Give second thoughts to your second cup

By Alyssa Jiggetts, staff Intern

For all the coffee drinkers out there who can’t go a day without their Iced Macchiato from Dunkin’ Donuts, you are technically addicted to a stimulant. So, in official terms, you are a drug addict. 

While coffee is great for keeping you up after your all-nighters, it can have multiple added effects like increasing headaches, agitation, and anxiety, and at this school, anxiety is high. 

“I once had coffee before an exam, and I’ll never do it again” freshman Jacob Bowler said. “I ended up being more anxious than before, and I couldn’t concentrate at all due to the uneasiness.”

Coffee is great for short term effects, but if you continually drink coffee every day, you’ll build up a tolerance, making the effects less powerful, causing the user to keep drinking more and more.

“When you drink too much caffeine, these turn into very uncomfortable symptoms,” science teacher Claudia Singkornrat said. “This could also include lack of concentration because there is too much thought going quickly to the brain.”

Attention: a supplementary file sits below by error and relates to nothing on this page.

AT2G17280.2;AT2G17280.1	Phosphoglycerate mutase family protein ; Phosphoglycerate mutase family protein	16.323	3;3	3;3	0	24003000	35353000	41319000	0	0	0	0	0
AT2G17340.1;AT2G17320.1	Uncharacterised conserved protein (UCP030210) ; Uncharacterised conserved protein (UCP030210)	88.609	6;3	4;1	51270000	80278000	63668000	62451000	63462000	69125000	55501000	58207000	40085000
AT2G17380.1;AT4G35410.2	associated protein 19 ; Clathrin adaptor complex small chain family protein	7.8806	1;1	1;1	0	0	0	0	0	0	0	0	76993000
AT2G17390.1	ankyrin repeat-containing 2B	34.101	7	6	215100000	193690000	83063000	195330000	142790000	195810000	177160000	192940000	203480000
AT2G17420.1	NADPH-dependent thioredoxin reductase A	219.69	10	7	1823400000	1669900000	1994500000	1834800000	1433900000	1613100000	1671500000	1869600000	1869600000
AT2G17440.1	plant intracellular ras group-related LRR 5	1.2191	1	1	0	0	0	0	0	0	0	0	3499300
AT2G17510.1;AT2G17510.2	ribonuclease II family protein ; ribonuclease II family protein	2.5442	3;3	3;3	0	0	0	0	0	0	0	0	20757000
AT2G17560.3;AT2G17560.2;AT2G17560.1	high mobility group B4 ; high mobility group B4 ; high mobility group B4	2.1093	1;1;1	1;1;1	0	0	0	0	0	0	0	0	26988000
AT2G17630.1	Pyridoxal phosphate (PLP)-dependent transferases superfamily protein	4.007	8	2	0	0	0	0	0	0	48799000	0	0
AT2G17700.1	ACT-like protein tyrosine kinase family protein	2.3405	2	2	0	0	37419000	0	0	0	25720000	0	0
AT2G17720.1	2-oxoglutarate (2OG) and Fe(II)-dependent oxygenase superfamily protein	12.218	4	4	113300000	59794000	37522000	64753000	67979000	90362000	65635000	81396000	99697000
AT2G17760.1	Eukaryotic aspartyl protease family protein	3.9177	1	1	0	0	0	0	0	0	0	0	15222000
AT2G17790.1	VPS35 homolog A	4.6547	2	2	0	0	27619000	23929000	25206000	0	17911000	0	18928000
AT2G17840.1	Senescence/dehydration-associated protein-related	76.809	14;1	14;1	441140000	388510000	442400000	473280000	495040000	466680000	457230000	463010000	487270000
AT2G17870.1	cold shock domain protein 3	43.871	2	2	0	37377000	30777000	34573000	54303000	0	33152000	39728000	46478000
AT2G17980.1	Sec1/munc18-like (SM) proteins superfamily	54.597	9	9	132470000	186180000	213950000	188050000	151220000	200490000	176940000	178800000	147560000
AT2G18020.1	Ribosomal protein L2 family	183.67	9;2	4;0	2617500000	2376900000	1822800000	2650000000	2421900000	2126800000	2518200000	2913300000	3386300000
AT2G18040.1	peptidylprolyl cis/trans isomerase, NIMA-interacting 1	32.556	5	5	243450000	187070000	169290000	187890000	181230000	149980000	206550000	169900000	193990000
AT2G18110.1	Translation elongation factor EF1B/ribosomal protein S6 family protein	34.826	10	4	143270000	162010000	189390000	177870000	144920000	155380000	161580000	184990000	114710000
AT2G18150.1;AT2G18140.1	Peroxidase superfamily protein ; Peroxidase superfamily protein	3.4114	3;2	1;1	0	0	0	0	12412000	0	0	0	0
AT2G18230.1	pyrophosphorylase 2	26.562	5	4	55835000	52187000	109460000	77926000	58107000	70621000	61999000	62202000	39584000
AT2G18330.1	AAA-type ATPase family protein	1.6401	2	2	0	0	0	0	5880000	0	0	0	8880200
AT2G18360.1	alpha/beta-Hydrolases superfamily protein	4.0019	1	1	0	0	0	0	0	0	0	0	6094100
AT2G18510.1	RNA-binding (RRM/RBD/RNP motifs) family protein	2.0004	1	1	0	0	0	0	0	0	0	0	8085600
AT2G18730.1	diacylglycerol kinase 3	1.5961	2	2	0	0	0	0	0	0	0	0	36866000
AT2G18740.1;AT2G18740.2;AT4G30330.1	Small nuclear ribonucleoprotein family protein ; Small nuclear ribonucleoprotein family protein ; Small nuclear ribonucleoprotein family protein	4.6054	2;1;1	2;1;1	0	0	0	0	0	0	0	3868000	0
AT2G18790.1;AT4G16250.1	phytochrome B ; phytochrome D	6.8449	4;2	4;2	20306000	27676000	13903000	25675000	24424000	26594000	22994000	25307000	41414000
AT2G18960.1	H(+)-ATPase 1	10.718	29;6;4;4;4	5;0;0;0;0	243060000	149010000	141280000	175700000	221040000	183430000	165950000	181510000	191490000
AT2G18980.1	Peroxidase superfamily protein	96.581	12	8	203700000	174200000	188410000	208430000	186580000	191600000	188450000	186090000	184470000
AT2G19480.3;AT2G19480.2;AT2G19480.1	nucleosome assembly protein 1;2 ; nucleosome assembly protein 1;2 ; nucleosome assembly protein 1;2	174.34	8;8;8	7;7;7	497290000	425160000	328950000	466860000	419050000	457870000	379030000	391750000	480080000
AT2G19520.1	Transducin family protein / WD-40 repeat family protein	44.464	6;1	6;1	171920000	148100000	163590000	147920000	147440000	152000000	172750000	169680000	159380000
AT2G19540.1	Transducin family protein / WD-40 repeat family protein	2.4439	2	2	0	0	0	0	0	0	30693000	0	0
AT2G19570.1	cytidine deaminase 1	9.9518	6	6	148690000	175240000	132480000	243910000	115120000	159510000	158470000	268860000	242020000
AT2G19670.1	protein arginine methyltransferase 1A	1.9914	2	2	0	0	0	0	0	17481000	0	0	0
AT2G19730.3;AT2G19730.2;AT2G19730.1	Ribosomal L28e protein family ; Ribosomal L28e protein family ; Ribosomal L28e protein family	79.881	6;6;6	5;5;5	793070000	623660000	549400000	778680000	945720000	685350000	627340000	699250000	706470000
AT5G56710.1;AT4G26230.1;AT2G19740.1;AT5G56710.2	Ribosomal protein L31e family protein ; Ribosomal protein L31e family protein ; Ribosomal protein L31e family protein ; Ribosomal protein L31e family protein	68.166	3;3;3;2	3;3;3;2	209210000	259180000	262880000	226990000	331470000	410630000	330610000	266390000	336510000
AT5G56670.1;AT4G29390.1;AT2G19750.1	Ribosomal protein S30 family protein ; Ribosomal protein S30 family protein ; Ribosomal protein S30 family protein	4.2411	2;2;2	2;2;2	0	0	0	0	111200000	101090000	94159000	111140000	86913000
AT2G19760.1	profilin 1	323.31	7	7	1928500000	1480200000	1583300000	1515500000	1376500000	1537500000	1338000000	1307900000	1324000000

When you continually drink coffee, you are slowly depending your working ability on it, and you’ll slowly grow to be addicted.

“I know some students who cannot work without coffee,” Singkornrat said, “And when they come in the morning without any, they’re basically not quite there, and they feel useless.”

According to the Centers for Disease Control and Prevention, almost 70 percent of high-schoolers do not get enough sleep on school nights. Some of their sleep problems can be attributed to caffeine, which can remain in the body for seven hours after consumption and blocks the neurochemical that triggers sleepiness from doing its job.

“You build up adenine and it keeps you awake, so students don’t get the nice cycle of sleep,” Singkornrat said. “So the next morning they feel well, so they drink coffee to keep them awake, but it ends up not being enough, so they’ll keep drinking more, and it turns into an unhealthy cycle that’s hard to break.”

Not only will the feeling of being tired be difficult, but the physical withdrawal symptoms will batter you until you reach for some to alleviate the pain. It can potentially cause symptoms such as headaches, fatigue and a lack of attention when removed from the diet.

“When I didn’t drink coffee for a day, it would feel like I was sick,” freshman Carly Dempsey said. “I got pounding headaches and I even felt nauseous.”

Eating habits are often cemented in childhood and adolescence, so teens, when you consume sweet lattes every time you feel sluggish, you are creating a pattern that will eventually be hard break as an adult.

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